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Workers' Compensation

NCCI Research Brief on Medicare Set-Asides and Workers' Compensation

NCCI has recently examined the demographics related to MSAs (distributions of amounts of MSAs and total settlements that include MSAs; distributions of ages of claimants) and the aspects of the CMS review process (length of time from submission to CMS approval; relation between submitted and CMS-approved MSA amounts).  Overall, NCCI finds a decline in CMS’ processing time for MSAs, this after a period of “dramatic lengthening”, as well as a decline in the ratio of CMS-approved MSA amounts to submitted MSA amounts. NCCI further finds differences between proposed and approved MSA settlements are largely due to prescription drugs costs, MSAs make up about 40 percent of total proposed settlements—with prescription drugs making up half of that 40 percent—and most MSAs are for claimants who are Medicare-eligible at the time of settlement because they have been on Social Security Disability for at least two years. You can read the NCCI research brief here.

Commentary by Jennifer C. Jordan, Esq.:

While the NCCI report is an interesting look into Gould & Lamb’s client base and MSA practices, it may not be representative of the MSAs prepared by the industry as a whole. “First and foremost, it only reflects the MSAs submitted to CMS for review,” points out Jennifer C. Jordan, Esq., General Counsel at MEDVAL, LLC. “The data reviewed in this report is insufficient to make any generalized assumptions about MSAs.”

Jordan explains that “MSA clients will often obtain evaluations and not be able to settle or not be able to obtain CMS approval, therefore, the only portion of any one client’s MSAs that an MSA vendor can be certain that settled are those approved by CMS and final documents submitted to render it effective.” Jordan further explains that “even some portion of cases approved do not settle because CMS counter highers put them out of reach. So the $1.8 billion in MSAs approved by CMS last year does not represent all MSAs funded in that calendar year and may not even represent MSAs that were actually funded because CMS reported the number approved, not the total number rendered effective.”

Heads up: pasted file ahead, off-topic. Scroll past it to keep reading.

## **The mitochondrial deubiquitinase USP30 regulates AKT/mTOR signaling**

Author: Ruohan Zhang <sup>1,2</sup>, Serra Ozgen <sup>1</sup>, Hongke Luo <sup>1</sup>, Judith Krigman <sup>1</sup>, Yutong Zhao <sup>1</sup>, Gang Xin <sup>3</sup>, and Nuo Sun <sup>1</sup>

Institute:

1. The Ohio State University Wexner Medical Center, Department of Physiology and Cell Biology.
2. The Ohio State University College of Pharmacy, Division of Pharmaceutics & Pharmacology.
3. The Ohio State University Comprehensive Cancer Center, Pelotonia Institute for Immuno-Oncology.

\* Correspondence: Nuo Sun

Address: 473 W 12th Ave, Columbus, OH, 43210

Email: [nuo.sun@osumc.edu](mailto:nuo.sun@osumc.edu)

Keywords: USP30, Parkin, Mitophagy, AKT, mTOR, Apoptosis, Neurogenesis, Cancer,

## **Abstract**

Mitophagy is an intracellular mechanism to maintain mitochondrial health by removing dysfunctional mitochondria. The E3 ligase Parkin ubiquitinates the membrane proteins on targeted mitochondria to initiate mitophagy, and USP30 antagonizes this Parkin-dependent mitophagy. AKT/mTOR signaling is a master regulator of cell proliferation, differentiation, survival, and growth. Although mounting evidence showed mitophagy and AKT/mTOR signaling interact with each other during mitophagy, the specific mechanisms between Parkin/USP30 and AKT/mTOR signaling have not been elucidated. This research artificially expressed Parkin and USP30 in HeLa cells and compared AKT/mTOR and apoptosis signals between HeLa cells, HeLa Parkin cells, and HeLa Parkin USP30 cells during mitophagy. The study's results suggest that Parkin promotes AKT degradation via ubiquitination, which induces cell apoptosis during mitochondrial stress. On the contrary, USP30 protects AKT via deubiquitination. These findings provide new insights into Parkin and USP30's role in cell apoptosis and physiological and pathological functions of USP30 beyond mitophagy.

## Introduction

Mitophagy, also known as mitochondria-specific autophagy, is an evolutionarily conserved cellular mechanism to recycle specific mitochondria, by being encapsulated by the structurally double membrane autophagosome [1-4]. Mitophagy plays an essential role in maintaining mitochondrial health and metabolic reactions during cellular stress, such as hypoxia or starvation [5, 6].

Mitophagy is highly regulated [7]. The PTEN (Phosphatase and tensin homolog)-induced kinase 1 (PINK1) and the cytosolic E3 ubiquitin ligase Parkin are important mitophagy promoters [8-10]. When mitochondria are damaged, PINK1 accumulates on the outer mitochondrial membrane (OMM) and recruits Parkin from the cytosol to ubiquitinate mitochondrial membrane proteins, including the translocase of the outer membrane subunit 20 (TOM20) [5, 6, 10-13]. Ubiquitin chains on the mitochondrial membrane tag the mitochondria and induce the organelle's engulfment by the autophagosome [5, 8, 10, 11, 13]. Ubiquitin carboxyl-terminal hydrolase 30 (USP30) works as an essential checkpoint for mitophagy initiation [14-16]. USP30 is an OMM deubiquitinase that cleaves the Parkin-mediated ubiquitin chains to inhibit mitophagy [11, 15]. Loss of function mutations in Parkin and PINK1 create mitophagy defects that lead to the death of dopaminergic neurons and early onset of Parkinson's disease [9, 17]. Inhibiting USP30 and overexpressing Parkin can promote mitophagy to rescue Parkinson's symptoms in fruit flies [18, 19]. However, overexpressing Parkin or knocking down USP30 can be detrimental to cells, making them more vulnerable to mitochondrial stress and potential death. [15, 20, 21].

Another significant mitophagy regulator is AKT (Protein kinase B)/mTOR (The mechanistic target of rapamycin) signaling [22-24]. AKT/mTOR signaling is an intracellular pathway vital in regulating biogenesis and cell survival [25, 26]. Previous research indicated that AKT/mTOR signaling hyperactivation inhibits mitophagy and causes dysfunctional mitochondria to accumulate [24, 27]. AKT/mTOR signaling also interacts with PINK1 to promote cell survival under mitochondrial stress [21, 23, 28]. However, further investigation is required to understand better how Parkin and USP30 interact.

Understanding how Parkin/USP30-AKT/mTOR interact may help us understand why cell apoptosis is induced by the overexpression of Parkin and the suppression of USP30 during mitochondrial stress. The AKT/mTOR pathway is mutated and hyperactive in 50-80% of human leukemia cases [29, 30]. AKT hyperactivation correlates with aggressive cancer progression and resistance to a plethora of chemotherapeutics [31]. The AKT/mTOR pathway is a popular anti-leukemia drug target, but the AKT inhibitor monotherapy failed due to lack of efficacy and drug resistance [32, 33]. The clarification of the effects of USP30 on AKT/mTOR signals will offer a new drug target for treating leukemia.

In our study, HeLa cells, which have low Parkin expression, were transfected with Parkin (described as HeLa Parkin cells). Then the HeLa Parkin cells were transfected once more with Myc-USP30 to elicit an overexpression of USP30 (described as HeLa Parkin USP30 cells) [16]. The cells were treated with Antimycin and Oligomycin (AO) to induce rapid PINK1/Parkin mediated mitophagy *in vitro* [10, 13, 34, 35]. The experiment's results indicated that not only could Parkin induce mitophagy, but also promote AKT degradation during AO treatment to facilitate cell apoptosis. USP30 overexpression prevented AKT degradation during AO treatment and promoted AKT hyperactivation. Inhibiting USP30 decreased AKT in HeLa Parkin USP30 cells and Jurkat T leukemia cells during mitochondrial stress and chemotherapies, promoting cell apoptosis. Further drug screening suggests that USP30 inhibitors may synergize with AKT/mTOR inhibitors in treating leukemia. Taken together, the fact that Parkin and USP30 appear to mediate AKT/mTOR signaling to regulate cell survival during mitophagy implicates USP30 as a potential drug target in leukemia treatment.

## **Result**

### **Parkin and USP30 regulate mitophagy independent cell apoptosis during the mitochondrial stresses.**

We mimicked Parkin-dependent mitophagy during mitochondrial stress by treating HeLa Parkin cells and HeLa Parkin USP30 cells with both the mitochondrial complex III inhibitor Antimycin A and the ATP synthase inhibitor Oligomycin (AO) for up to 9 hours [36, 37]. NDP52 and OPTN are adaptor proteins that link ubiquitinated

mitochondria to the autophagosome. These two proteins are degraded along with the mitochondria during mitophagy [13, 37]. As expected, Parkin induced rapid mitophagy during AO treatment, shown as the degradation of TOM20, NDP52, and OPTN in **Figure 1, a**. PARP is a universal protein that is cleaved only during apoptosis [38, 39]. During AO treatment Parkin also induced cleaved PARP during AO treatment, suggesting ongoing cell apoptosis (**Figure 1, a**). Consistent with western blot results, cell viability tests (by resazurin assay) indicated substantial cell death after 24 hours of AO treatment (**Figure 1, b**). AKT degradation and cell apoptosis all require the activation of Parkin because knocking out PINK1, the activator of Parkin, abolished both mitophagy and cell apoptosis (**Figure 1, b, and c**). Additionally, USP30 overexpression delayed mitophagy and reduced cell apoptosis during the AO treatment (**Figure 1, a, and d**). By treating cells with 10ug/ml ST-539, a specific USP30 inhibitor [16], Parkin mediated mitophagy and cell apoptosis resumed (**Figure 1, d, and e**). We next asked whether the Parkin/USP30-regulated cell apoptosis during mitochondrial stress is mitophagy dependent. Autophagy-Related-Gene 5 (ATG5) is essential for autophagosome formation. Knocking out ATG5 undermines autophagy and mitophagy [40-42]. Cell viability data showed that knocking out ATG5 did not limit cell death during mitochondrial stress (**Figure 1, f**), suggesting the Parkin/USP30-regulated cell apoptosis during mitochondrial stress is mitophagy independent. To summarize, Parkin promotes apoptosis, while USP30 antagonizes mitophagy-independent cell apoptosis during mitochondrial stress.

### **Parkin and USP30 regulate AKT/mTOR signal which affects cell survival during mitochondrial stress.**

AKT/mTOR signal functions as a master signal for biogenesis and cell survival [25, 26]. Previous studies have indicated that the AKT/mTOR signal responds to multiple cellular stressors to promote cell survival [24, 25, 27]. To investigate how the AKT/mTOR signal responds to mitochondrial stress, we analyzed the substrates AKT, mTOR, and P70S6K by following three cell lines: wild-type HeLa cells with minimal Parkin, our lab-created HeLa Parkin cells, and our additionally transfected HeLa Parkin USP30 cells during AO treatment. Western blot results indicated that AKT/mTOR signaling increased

Furthermore, it is arguable whether the CMS approval program has improved. In Jordan’s opinion, “Nothing has improved and in reality things are worse than ever.” As explained by Jordan, “Such conclusions are reached by basing the comparison of turnaround times today to a period under a prior vendor not permitted to address a back log in the same manner they are today.”

Jordan warns that it is impossible to make meaningful broad generalized assumptions because every MSA is an independent and extremely subjective event affected by a number of outside factors, one of which is the insurer/employer’s jurisdiction, book of business, the treating physician/known bad players in any given area, etc. “The MSA as prepared by one vendor can reflect a practice of projecting the worst case scenario in every case so as to ensure that CMS approves on first pass rather than counter, whereas others may aggressively advocate for their clients’ position and win some or lose some,” explains Jordan. “Overall, the number of CMS counter highers is at an all time high with little to no justification to support the determination.”

Jordan also points out that any assumptions made about pharmaceutical drugs, i.e., that half an MSA can be expected to represent drugs, are misleading. “In most cases where there is a high pharmaceutical component, drugs represent 75% or more of the total MSA, not half,” explains Jordan. “And that is balanced by the cases where there is no Part D component to reach the 50% assumption. The data presented in this report at most is reasonably accurate in the aggregate as an average, but it certainly does not reflect the reality of the problem. Without even commenting on how ridiculous it is to price drugs at average wholesale price so that CMS can utilize a national standard in its program, the amount of drugs reflected in an MSA is contingent only upon what the pharmacy payment records reflect and not necessarily what is actually in use. A medical record can show blood work in which it cannot be proven that a claimant is actually consuming the drugs prescribed and yet the MSA still comes out the other side with every drug ever filled projected at AWP. Counter highers are also frequently caused by AWP price changing between the time the MSA is reviewed. Drugs are and forever will be the major cost driver in the majority of MSAs.”

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